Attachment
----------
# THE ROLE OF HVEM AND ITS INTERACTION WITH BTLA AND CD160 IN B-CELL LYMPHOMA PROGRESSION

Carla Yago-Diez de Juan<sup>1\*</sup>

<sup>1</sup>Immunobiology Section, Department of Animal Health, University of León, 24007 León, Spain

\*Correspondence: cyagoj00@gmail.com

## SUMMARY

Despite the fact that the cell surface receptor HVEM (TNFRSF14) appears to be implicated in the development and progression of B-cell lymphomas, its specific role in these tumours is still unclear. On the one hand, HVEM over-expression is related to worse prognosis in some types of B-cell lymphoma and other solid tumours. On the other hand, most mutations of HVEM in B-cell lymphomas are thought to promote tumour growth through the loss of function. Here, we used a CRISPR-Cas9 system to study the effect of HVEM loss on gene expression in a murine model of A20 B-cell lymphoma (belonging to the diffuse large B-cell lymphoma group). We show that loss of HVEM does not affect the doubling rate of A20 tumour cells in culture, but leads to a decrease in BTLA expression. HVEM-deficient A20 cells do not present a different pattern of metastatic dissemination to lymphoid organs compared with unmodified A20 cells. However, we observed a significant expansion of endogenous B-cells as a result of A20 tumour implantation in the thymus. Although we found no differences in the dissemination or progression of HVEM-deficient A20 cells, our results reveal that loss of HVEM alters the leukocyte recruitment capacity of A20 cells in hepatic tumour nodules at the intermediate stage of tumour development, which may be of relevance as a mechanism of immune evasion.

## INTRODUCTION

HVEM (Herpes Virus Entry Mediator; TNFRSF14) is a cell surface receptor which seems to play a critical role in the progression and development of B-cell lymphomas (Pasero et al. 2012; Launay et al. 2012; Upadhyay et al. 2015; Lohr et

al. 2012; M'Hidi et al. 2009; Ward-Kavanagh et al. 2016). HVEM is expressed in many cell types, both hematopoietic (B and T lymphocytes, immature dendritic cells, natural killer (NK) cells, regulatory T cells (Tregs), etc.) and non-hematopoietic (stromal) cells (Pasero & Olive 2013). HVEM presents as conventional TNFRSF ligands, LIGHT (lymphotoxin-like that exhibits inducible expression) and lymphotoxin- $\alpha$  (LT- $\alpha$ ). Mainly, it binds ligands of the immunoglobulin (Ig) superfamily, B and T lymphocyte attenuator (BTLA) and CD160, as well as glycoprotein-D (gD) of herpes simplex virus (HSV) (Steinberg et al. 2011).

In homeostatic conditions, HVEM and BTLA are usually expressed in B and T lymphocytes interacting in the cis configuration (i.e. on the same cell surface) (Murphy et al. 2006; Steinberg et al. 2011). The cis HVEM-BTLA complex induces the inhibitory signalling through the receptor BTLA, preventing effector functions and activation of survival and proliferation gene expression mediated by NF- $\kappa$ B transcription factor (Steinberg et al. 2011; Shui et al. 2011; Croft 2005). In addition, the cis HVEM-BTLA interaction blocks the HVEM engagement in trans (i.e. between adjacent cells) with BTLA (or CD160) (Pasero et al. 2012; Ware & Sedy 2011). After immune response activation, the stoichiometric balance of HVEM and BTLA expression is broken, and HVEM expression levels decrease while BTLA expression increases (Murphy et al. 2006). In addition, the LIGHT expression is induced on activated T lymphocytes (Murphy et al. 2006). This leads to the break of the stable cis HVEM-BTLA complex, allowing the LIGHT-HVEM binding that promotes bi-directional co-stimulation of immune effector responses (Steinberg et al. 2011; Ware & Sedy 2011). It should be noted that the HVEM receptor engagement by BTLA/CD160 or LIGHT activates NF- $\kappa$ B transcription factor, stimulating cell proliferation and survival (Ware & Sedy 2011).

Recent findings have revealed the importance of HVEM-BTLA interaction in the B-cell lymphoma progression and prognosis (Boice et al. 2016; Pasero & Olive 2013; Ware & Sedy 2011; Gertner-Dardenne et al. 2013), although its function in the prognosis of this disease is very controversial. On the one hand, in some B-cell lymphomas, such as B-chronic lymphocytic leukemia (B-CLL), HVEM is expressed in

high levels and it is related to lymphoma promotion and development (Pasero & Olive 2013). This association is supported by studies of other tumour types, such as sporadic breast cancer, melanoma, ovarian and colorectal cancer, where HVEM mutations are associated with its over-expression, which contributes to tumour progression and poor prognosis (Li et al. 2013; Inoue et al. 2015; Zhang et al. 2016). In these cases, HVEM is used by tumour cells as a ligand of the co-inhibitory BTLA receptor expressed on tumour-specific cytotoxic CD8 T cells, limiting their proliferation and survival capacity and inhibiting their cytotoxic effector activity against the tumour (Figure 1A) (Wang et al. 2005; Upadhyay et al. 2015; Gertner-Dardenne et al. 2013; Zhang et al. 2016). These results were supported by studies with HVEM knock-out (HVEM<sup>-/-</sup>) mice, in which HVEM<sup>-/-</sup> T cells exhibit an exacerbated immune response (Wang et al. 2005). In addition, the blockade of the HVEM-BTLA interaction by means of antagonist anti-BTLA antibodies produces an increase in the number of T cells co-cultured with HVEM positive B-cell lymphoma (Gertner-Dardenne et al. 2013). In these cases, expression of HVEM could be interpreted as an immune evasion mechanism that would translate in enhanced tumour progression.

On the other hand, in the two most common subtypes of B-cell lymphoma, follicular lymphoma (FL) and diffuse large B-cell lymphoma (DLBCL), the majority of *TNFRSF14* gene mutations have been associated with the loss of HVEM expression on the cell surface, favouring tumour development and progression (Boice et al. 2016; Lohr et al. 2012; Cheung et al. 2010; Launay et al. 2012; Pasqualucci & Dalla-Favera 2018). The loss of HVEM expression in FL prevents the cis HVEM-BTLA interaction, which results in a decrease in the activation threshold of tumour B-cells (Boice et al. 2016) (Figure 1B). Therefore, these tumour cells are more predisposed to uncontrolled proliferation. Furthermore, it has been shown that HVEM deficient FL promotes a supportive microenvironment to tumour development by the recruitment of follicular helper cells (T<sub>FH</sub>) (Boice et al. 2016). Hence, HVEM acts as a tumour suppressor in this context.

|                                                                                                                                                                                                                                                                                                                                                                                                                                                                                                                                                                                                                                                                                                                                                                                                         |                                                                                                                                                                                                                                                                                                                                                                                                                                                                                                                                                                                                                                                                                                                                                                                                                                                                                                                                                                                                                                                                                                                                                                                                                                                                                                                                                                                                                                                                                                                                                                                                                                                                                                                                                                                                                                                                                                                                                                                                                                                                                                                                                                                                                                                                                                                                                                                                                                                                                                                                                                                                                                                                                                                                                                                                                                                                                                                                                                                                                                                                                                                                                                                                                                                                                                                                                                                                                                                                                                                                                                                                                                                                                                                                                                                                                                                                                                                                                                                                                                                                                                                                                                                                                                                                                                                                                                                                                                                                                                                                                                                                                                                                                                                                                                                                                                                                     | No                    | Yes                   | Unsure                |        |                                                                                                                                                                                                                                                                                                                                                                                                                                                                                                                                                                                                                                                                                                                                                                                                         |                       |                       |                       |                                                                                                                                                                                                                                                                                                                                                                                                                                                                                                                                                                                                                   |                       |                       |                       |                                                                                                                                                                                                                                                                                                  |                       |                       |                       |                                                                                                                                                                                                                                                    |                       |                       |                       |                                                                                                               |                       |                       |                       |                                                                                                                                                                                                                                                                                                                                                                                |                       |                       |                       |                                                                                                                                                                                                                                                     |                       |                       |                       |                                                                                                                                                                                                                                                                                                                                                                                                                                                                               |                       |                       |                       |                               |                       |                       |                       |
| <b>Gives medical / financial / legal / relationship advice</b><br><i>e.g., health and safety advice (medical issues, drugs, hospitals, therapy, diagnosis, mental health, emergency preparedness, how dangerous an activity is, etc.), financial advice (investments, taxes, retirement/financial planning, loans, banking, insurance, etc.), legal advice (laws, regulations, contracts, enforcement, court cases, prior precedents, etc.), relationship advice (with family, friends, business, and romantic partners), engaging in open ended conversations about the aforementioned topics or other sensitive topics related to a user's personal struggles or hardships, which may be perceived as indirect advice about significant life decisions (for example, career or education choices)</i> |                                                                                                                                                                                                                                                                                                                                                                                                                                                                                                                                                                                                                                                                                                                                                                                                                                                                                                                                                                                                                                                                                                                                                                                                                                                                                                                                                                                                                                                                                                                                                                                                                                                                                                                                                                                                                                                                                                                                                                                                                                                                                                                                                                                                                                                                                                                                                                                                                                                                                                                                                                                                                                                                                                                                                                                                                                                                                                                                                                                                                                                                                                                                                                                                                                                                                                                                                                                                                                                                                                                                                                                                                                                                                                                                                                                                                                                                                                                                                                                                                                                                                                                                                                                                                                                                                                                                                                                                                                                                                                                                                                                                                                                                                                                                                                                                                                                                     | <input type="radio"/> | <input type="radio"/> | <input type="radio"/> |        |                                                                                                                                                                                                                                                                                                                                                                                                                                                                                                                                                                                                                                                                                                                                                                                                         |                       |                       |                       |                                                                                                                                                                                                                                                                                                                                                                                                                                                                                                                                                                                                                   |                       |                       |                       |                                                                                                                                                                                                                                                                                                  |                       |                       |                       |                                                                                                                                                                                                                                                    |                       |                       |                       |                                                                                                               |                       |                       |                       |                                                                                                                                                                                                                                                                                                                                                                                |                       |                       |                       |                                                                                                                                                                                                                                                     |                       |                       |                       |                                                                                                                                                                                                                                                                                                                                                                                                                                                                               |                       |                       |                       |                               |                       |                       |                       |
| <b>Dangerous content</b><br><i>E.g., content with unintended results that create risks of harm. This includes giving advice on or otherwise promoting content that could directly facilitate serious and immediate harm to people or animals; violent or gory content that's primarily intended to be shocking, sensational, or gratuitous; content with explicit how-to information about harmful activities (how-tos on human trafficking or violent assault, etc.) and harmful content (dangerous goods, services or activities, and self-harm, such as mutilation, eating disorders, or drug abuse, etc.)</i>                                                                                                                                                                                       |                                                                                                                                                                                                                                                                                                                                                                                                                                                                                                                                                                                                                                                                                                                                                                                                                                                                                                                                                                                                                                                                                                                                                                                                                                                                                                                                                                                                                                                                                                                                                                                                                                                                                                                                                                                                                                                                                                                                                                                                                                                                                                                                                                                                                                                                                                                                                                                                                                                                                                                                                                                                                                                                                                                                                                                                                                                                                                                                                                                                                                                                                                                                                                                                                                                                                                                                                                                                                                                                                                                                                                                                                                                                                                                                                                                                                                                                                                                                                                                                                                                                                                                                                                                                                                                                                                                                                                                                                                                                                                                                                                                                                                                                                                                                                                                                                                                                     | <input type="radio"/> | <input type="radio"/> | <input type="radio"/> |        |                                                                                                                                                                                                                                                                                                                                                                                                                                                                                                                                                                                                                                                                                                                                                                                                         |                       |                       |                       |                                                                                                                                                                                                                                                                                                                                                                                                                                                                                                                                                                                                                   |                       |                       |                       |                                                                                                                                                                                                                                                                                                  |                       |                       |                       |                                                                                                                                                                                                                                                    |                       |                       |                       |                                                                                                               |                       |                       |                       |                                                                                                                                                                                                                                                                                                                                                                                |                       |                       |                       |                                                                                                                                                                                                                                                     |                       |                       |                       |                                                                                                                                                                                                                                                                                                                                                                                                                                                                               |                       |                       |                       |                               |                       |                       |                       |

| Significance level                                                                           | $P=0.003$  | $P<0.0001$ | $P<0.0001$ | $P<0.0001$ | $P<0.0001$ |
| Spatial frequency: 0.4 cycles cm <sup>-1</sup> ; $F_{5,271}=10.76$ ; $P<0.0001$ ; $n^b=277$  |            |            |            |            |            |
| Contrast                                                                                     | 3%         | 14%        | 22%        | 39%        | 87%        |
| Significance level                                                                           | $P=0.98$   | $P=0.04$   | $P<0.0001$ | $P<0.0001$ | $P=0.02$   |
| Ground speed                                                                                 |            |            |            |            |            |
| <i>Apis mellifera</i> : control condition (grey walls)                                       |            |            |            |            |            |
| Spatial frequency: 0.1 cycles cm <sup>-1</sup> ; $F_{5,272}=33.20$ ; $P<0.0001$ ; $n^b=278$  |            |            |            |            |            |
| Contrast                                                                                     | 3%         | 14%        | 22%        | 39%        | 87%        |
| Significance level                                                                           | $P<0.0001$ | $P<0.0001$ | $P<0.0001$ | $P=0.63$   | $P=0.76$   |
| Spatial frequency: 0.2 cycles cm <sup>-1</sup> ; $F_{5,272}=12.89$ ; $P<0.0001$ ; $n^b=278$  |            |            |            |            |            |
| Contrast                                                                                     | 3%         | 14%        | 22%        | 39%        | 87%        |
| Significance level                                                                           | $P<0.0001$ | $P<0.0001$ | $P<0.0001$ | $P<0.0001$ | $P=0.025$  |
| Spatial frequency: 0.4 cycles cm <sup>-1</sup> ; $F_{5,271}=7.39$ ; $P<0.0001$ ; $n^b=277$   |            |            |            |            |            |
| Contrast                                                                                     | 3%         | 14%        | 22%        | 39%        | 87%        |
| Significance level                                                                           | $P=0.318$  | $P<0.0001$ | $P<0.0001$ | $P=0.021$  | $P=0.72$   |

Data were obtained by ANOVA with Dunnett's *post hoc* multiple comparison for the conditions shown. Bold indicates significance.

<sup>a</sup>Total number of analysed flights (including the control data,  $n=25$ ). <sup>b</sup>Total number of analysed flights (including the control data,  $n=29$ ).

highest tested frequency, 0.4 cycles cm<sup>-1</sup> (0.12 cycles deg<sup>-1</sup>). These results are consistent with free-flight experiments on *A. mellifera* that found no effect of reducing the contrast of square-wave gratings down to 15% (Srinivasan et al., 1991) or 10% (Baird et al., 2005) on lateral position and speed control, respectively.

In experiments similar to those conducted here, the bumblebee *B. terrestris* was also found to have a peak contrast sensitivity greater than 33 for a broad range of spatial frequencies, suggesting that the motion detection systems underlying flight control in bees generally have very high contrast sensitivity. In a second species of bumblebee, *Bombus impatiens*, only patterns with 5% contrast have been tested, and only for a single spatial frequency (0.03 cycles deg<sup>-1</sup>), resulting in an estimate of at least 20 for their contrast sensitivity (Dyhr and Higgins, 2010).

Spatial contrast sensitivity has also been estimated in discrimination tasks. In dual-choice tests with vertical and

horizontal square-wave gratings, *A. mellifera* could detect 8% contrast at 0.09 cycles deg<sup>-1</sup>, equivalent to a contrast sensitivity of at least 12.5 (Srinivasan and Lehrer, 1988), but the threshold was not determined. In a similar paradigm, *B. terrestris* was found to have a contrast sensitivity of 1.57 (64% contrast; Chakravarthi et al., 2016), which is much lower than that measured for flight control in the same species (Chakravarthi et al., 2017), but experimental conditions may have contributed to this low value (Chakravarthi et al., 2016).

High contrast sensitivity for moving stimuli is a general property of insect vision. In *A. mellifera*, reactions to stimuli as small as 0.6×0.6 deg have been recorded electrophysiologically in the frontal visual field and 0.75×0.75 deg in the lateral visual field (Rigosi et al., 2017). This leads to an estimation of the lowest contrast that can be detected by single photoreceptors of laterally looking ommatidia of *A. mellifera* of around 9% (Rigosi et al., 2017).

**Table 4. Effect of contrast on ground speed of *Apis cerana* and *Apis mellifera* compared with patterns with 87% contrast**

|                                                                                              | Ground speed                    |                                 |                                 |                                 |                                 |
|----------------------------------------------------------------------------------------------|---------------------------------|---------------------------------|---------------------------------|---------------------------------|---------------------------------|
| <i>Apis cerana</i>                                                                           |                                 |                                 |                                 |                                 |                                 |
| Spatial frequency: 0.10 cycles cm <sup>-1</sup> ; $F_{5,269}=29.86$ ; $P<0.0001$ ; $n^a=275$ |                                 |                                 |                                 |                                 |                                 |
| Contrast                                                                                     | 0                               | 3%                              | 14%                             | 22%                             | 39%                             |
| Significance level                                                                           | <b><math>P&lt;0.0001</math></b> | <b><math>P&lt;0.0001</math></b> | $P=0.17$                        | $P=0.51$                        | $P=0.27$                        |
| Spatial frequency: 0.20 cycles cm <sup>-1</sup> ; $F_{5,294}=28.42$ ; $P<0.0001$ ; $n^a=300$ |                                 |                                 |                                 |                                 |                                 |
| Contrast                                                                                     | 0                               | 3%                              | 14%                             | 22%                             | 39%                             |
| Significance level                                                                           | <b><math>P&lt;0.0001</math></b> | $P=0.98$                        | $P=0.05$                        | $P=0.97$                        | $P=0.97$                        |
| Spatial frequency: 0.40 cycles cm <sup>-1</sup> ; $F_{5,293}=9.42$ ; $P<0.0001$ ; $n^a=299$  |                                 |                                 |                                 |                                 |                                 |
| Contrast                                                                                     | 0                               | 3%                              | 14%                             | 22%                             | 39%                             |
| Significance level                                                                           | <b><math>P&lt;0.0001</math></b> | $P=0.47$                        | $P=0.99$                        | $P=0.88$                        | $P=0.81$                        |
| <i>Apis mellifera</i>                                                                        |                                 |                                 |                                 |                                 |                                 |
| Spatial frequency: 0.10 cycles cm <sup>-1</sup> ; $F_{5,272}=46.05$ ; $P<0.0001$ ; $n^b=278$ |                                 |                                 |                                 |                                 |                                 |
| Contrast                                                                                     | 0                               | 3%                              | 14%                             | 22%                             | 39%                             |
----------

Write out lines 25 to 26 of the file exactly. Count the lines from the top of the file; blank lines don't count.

| Significance level                                                                           | $P<0.0001$ | $P<0.0001$ | $P<0.0001$ | $P=0.63$   | $P=0.76$   |
| Spatial frequency: 0.2 cycles cm <sup>-1</sup> ; $F_{5,272}=12.89$ ; $P<0.0001$ ; $n^b=278$  |            |            |            |            |            |